I also love that Sutton doesn’t just listen to what her boyfriend tells her to do when she ends up losing the pendant in a cab. Sure, Richard’s professional legal advice to report the jewelry missing and let insurance cover it is wise, but Sutton feels that she needs to do things her own way, and she forges ahead with her ridiculous plan to get security footage from a nearby laundromat in order to get the cab’s license plate. She goes on this mission with Alex, who eventually confirms that he’s indeed supposed to be a conflicting love interest for Sutton when he figures out she’s dating Richard and says it’s too bad because he wanted to kiss her. Alex and Sutton no doubt have charming chemistry (more than Richard and Sutton do), but Alex is still a shell of a character. Ultimately, I like Richard’s somewhat passive role in Sutton’s character development. He’s around to offer advice and his support, but she remains very independent, determined to make her own decisions, even if they’re risky. She gets the pendant back and proves herself to Oliver, who is impressed for all of three seconds. Have I mentioned I love Oliver?
Inspired by a text from Adena, Kat starts posting photos that will trick Instagram into flagging and deleting the posts. Her mission to expose Instagram’s sexist censorship rules is honorable and all, but the truly important takeaway here is that Kat and Adena are still texting. Kat and Adena may have ended their relationship, which hadn’t even had a real chance to start, in a whirlwind at the end of last episode, but it clearly isn’t over. The Bold Type hasn’t forgotten about Kadena, and Kat is fooling herself if she thinks the two can get away with just being friends. They’re clearly still flirting through their messages, and isn’t Adena supposed to be in Paris to smooth things over with her girlfriend Coco? Texting Kat every second of the day seems counterproductive to that goal. She may be out of sight, but Adena is far from out of mind.
After Jane’s explosion in the bullpen, Jacqueline tells Jane to take a walk, doesn’t let her come back to the office for the rest of the day, and tells her to make herself available for a meeting the following night. That mysterious meeting turns out to be an invite into Jacqueline’s personal life. Jane meets Jacqueline’s husband, her two sons, her poodle Frida, and sees the Scarlet queen’s absurdly beautifully apartment. Jacqueline demonstrates that she’s willing to let Jane into her private life to an extent, but she still keeps professional boundaries in place. (Fashion side note: Jacqueline’s casual at-home look — a buttoned white tank with ankle jeans and gold bangles — is one of my favorite outfits she has rocked.) Jane and Jacqueline have a moving conversation about fear. Jacqueline points out that Jane is so detail-oriented, that she craves control, that she loves to have as much information as possible. It’s easy to extrapolate that a lot of these defining qualities of Jane likely have something to do with losing her mother at such a young age. Cancer destabilizes control.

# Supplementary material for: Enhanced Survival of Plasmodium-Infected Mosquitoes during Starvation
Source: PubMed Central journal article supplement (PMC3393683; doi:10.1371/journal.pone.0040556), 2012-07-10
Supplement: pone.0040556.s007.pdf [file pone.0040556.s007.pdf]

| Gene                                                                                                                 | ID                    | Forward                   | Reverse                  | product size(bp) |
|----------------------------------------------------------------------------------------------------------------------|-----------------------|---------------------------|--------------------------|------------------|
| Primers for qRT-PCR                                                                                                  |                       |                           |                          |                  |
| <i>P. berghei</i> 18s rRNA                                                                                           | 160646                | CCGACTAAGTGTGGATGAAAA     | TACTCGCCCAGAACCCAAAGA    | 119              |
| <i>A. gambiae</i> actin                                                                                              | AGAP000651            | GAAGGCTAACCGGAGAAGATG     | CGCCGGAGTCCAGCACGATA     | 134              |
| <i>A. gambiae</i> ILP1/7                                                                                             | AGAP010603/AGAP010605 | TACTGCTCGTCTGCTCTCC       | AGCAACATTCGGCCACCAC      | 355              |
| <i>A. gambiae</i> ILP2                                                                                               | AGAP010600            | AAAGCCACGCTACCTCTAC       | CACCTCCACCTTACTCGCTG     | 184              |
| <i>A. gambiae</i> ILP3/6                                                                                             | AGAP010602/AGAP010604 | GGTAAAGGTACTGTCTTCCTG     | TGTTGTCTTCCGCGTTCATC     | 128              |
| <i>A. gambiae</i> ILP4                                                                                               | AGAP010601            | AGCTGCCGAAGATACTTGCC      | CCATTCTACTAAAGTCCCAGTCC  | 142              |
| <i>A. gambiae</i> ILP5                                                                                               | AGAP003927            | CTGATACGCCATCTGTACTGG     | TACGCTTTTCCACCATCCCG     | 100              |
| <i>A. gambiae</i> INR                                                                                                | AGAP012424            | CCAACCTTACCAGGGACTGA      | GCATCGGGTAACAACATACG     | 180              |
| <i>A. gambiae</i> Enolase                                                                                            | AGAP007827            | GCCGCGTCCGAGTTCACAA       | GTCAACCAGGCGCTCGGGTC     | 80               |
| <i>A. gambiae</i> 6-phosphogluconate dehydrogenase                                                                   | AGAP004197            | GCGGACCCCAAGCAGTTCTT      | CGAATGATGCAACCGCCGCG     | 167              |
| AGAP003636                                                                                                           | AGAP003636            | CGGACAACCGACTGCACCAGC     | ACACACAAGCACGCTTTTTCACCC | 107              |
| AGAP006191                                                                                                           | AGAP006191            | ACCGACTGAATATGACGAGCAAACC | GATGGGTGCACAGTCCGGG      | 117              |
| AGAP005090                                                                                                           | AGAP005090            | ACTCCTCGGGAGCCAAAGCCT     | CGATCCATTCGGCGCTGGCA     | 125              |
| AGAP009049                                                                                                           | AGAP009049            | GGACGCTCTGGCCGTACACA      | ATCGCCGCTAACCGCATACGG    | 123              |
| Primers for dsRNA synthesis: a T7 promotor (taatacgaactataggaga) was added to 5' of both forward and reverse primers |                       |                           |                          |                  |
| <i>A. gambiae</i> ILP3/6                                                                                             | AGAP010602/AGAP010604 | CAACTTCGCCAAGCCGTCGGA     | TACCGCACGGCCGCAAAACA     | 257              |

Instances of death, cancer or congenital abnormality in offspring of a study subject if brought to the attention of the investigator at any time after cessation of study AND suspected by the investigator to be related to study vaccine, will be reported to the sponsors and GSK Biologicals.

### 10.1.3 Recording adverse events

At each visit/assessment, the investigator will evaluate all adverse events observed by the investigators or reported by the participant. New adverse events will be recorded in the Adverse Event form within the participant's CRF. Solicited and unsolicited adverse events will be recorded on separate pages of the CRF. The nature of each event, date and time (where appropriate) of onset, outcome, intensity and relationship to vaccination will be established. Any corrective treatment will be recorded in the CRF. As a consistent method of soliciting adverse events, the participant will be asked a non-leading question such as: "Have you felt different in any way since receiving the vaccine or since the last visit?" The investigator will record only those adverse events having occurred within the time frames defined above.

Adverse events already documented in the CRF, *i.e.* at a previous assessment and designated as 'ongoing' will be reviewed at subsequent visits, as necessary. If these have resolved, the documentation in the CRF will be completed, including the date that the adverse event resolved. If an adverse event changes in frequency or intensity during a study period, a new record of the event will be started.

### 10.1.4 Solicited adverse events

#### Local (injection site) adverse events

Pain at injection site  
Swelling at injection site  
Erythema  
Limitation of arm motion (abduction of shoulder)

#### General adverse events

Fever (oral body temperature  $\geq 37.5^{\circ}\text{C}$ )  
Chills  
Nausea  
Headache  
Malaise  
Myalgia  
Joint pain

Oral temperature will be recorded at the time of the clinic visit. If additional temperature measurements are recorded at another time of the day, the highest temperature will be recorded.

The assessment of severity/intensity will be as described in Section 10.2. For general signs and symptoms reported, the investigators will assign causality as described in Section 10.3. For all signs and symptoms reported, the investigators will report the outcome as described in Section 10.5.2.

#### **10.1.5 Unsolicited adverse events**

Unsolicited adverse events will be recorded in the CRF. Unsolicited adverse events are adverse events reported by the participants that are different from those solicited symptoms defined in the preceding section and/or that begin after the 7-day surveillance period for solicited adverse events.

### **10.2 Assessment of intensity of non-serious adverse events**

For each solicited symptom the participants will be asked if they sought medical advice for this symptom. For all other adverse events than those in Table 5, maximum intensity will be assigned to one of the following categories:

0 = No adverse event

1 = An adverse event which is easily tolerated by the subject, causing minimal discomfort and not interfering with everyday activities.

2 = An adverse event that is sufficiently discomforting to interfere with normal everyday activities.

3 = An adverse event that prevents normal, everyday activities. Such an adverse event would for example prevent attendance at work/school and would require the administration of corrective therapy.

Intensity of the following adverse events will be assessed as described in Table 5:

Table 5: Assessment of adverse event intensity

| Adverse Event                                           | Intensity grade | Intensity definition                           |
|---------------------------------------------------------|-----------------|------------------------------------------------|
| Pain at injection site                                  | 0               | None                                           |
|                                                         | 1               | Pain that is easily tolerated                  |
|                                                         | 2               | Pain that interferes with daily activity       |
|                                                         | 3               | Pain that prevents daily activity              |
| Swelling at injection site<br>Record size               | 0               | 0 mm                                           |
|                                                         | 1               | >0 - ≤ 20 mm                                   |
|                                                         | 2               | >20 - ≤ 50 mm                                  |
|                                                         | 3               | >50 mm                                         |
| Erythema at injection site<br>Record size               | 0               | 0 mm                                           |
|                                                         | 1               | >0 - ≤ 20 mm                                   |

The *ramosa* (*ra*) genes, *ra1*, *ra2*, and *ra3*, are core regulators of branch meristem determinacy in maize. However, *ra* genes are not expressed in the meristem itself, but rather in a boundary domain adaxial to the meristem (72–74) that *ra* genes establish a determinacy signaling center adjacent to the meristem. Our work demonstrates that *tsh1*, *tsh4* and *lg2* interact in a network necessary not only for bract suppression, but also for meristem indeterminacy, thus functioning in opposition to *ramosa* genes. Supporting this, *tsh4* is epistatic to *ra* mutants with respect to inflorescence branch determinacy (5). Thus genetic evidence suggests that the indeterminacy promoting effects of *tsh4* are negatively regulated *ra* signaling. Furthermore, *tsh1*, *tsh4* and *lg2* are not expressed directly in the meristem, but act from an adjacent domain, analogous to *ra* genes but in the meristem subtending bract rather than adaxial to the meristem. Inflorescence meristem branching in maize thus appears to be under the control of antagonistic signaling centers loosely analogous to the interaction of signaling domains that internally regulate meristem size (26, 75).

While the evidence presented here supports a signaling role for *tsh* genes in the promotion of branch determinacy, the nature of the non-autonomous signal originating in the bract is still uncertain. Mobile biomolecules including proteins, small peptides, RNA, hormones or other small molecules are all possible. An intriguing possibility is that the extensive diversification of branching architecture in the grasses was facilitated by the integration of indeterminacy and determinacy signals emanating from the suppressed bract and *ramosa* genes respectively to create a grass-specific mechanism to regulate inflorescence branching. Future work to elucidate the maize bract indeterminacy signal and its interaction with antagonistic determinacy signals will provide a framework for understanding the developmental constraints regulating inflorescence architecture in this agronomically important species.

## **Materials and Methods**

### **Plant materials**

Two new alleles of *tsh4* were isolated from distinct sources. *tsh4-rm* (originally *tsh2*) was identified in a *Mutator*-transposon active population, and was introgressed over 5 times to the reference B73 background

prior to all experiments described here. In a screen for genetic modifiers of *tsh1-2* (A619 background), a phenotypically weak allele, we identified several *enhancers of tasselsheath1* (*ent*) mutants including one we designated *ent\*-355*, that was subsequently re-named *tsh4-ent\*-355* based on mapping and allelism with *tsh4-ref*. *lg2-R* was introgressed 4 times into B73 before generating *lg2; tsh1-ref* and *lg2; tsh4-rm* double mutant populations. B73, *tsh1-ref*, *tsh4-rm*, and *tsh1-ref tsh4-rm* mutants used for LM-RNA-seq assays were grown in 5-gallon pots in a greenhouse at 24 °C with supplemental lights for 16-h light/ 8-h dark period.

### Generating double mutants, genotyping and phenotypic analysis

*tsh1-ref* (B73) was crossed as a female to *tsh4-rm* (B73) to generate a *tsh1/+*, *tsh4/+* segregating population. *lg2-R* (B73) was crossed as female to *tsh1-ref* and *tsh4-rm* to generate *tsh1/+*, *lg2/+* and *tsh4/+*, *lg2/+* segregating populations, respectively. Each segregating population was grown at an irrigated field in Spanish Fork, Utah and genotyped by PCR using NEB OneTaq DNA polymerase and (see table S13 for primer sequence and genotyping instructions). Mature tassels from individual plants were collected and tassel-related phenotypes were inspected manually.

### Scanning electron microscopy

Jacqueline also ends up having an important conversation with Kat the next day about walking back her social media crusade against nipple-censoring policies. Kat is a loud and proud feminist, and she often uses social media to get out important messages, but in the process, she sometimes forgets about the very real people at the center of the issues she’s fighting for. She wants to use breast cancer patients who have had double mastectomies as props in her campaign, and Jacqueline points out that Kat has someone close to her for which this is much more than a hashtag.
Kat and Sutton eventually join Jane in the fashion closet for a pivotal moment. In every scene after her initial meeting with the doctor, Jane seems slightly off, distracted. Stevens plays that sense of being unmoored provocatively. In the fashion closet, she appears a little more focused. She asks Kat and Sutton if they’re busy, and Sutton replies “not too busy for you.” They join Jane on her doctor’s appointment, where she’s tested for the BRCA gene mutation. Jane records the appointment, hoping it can help someone else find the strength to go through with it. Kat and Sutton try to keep things light, joking around in a way that makes the whole thing feel more comfortable for Jane.
A week passes, and it’s time for the results. The Bold Type shocks by having Jane test positive for the gene. As the doctor details how to move forward with finding the best course of action, the focus remains on Jane as she digests the news. This is the second episode in a row to end with a very emotional blow for one of the characters, and The Bold Type’s determination to be a fun and sexy show that can also tackle real, meaningful conflict elevates the show from its initial premise. Afterward in the park, Jane declares that she’s going to keep living her life, that she feels good knowing and isn’t going to let it define her. It’s a much better and bolder ending than the alternative would have been. And the final words of the episode punctuate The Bold Type’s strong sense of self: “We don’t want to cause a riot.” “Sure we do.”